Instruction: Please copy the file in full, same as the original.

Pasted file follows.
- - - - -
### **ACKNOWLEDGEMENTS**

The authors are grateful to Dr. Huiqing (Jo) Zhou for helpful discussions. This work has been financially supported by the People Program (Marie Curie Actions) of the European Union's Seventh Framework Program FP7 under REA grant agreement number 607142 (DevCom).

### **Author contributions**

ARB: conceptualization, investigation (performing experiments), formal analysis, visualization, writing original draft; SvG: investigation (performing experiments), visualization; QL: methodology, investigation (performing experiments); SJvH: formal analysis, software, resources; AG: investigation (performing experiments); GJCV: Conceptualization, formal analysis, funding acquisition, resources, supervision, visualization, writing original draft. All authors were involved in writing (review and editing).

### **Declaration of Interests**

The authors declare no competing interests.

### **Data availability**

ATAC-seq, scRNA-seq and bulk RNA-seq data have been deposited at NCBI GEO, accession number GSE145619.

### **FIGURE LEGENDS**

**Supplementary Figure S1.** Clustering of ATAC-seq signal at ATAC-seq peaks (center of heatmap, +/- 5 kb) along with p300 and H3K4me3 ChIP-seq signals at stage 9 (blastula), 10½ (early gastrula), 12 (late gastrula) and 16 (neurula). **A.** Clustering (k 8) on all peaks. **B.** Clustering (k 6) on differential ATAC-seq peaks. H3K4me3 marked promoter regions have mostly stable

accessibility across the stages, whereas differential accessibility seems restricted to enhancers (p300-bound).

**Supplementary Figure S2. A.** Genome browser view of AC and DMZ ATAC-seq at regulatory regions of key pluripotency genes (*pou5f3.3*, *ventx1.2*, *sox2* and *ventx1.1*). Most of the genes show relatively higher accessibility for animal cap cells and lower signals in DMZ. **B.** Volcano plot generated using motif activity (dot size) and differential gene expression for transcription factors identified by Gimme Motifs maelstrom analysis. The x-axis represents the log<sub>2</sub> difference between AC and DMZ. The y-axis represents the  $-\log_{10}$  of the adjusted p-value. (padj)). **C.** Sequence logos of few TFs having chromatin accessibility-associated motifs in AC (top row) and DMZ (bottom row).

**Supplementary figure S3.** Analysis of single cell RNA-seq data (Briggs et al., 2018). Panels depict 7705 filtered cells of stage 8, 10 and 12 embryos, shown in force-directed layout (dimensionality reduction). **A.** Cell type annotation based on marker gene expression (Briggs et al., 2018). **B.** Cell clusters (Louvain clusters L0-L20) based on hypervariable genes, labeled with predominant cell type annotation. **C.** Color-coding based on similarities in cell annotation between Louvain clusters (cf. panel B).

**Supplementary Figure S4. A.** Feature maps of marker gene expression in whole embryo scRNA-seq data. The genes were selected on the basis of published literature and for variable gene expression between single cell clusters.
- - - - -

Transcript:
### **ACKNOWLEDGEMENTS**

The authors are grateful to Dr. Huiqing (Jo) Zhou for helpful discussions. This work has been financially supported by the People Program (Marie Curie Actions) of the European Union's Seventh Framework Program FP7 under REA grant agreement number 607142 (DevCom).

### **Author contributions**

ARB: conceptualization, investigation (performing experiments), formal analysis, visualization, writing original draft; SvG: investigation (performing experiments), visualization; QL: methodology, investigation (performing experiments); SJvH: formal analysis, software, resources; AG: investigation (performing experiments); GJCV: Conceptualization, formal analysis, funding acquisition, resources, supervision, visualization, writing original draft. All authors were involved in writing (review and editing).

### **Declaration of Interests**

The authors declare no competing interests.

### **Data availability**

ATAC-seq, scRNA-seq and bulk RNA-seq data have been deposited at NCBI GEO, accession number GSE145619.

### **FIGURE LEGENDS**

**Supplementary Figure S1.** Clustering of ATAC-seq signal at ATAC-seq peaks (center of heatmap, +/- 5 kb) along with p300 and H3K4me3 ChIP-seq signals at stage 9 (blastula), 10½ (early gastrula), 12 (late gastrula) and 16 (neurula). **A.** Clustering (k 8) on all peaks. **B.** Clustering (k 6) on differential ATAC-seq peaks. H3K4me3 marked promoter regions have mostly stable

accessibility across the stages, whereas differential accessibility seems restricted to enhancers (p300-bound).

**Supplementary Figure S2. A.** Genome browser view of AC and DMZ ATAC-seq at regulatory regions of key pluripotency genes (*pou5f3.3*, *ventx1.2*, *sox2* and *ventx1.1*). Most of the genes show relatively higher accessibility for animal cap cells and lower signals in DMZ. **B.** Volcano plot generated using motif activity (dot size) and differential gene expression for transcription factors identified by Gimme Motifs maelstrom analysis. The x-axis represents the log<sub>2</sub> difference between AC and DMZ. The y-axis represents the  $-\log_{10}$  of the adjusted p-value. (padj)). **C.** Sequence logos of few TFs having chromatin accessibility-associated motifs in AC (top row) and DMZ (bottom row).

**Supplementary figure S3.** Analysis of single cell RNA-seq data (Briggs et al., 2018). Panels depict 7705 filtered cells of stage 8, 10 and 12 embryos, shown in force-directed layout (dimensionality reduction). **A.** Cell type annotation based on marker gene expression (Briggs et al., 2018). **B.** Cell clusters (Louvain clusters L0-L20) based on hypervariable genes, labeled with predominant cell type annotation. **C.** Color-coding based on similarities in cell annotation between Louvain clusters (cf. panel B).

**Supplementary Figure S4. A.** Feature maps of marker gene expression in whole embryo scRNA-seq data. The genes were selected on the basis of published literature and for variable gene expression between single cell clusters.